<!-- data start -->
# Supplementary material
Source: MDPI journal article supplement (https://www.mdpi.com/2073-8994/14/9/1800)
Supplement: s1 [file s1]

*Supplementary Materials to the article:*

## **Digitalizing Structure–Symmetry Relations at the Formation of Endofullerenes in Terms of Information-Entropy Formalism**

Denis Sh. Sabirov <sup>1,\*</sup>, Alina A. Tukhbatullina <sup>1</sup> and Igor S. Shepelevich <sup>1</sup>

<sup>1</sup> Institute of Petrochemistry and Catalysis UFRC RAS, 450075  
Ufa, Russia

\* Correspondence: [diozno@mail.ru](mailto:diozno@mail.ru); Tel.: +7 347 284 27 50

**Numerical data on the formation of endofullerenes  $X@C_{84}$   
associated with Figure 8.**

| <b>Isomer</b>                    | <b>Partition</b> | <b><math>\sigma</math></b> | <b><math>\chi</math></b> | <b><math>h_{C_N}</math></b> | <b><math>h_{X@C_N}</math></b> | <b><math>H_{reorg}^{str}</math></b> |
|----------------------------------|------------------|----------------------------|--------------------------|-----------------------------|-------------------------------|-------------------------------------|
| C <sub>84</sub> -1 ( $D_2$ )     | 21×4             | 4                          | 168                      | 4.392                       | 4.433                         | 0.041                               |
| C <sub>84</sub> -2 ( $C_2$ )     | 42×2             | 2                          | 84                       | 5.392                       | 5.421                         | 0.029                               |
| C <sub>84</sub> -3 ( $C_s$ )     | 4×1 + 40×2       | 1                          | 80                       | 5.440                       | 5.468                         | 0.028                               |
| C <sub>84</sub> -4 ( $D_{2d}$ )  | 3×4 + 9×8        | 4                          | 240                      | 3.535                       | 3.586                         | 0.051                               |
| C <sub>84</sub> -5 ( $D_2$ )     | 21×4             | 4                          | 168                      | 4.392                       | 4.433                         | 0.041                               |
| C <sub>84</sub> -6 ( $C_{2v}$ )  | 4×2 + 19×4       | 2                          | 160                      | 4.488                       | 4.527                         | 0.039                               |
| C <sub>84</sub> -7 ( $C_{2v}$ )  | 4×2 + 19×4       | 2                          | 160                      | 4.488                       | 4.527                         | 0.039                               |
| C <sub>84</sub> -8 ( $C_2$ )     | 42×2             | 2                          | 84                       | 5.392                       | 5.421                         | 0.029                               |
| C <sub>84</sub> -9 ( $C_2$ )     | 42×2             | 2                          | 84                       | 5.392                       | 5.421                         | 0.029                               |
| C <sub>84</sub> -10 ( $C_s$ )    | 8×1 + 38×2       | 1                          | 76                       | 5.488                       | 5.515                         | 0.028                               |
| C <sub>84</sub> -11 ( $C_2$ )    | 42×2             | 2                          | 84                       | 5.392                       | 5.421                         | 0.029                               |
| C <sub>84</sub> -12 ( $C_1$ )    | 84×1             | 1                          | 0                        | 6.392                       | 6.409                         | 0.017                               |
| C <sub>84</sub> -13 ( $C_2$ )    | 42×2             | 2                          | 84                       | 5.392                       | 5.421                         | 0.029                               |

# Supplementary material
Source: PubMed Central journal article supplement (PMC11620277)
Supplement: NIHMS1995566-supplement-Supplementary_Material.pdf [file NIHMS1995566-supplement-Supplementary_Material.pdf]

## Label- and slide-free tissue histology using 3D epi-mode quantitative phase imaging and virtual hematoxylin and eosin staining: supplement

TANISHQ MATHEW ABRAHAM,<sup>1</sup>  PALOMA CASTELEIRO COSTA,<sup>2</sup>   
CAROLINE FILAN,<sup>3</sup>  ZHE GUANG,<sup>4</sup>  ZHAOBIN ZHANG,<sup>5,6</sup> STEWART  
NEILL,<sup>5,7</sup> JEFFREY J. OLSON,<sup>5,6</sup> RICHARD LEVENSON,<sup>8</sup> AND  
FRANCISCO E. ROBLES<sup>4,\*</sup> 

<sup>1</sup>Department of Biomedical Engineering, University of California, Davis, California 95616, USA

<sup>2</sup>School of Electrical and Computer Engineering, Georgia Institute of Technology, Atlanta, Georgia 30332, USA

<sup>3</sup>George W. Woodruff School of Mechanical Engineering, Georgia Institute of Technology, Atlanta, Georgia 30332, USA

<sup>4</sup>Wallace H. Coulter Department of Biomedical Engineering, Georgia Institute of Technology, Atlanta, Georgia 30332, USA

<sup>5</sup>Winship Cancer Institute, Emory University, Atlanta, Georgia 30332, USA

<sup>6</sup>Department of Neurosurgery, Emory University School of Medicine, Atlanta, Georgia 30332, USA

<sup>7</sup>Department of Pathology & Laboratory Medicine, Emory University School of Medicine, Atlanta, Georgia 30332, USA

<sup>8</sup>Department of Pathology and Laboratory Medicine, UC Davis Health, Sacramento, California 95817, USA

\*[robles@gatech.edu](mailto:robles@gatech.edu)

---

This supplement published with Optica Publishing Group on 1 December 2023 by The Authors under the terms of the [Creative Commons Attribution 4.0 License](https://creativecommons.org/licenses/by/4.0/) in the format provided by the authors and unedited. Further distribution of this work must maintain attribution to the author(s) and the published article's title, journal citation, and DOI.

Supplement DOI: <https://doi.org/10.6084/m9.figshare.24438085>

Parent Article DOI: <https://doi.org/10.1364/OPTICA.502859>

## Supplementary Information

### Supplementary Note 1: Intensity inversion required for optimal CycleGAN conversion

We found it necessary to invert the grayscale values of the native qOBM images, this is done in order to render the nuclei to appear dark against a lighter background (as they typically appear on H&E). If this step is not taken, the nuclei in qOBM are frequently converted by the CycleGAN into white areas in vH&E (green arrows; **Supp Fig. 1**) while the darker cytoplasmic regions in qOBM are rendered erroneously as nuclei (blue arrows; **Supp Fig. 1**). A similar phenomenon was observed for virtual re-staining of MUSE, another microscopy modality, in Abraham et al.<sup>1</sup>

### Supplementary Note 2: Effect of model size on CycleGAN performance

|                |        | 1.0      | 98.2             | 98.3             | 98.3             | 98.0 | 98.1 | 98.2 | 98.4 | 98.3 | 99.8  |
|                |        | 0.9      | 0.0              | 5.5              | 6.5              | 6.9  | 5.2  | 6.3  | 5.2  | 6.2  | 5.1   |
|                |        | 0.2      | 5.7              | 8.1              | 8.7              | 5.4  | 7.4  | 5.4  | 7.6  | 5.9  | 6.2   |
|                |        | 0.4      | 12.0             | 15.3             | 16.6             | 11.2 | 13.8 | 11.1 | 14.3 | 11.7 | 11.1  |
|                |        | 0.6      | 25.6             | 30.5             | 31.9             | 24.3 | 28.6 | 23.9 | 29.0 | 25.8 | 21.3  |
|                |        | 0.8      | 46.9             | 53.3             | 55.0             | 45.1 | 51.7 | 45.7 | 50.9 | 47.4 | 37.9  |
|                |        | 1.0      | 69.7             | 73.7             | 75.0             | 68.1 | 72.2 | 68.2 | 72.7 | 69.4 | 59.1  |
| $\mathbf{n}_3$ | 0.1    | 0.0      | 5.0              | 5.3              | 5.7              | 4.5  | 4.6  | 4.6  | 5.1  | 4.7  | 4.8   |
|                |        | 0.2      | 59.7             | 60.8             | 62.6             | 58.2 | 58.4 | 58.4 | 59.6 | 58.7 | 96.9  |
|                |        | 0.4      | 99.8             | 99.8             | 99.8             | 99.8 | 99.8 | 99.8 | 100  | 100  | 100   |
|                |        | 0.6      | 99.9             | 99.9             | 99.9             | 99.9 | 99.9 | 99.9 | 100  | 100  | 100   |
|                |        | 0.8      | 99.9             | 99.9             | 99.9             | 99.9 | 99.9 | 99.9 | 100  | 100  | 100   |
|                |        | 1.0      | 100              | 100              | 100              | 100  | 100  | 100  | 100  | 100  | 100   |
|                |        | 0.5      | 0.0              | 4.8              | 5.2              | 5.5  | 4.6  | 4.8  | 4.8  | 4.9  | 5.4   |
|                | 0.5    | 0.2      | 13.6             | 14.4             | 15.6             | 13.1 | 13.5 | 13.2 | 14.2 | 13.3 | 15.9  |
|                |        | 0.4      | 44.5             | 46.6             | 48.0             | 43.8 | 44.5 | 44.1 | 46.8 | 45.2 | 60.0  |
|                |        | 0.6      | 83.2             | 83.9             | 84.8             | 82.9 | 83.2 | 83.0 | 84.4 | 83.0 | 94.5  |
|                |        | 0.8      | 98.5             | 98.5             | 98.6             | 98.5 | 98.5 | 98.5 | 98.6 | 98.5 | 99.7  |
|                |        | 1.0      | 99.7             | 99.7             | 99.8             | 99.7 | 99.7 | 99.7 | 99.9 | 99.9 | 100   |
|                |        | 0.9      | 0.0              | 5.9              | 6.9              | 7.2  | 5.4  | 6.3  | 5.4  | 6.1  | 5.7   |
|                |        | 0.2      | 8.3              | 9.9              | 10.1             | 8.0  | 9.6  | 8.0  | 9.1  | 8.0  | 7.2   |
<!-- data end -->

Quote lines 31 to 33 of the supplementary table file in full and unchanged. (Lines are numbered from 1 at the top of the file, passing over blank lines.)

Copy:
TANISHQ MATHEW ABRAHAM,<sup>1</sup>  PALOMA CASTELEIRO COSTA,<sup>2</sup>   
CAROLINE FILAN,<sup>3</sup>  ZHE GUANG,<sup>4</sup>  ZHAOBIN ZHANG,<sup>5,6</sup> STEWART  
NEILL,<sup>5,7</sup> JEFFREY J. OLSON,<sup>5,6</sup> RICHARD LEVENSON,<sup>8</sup> AND  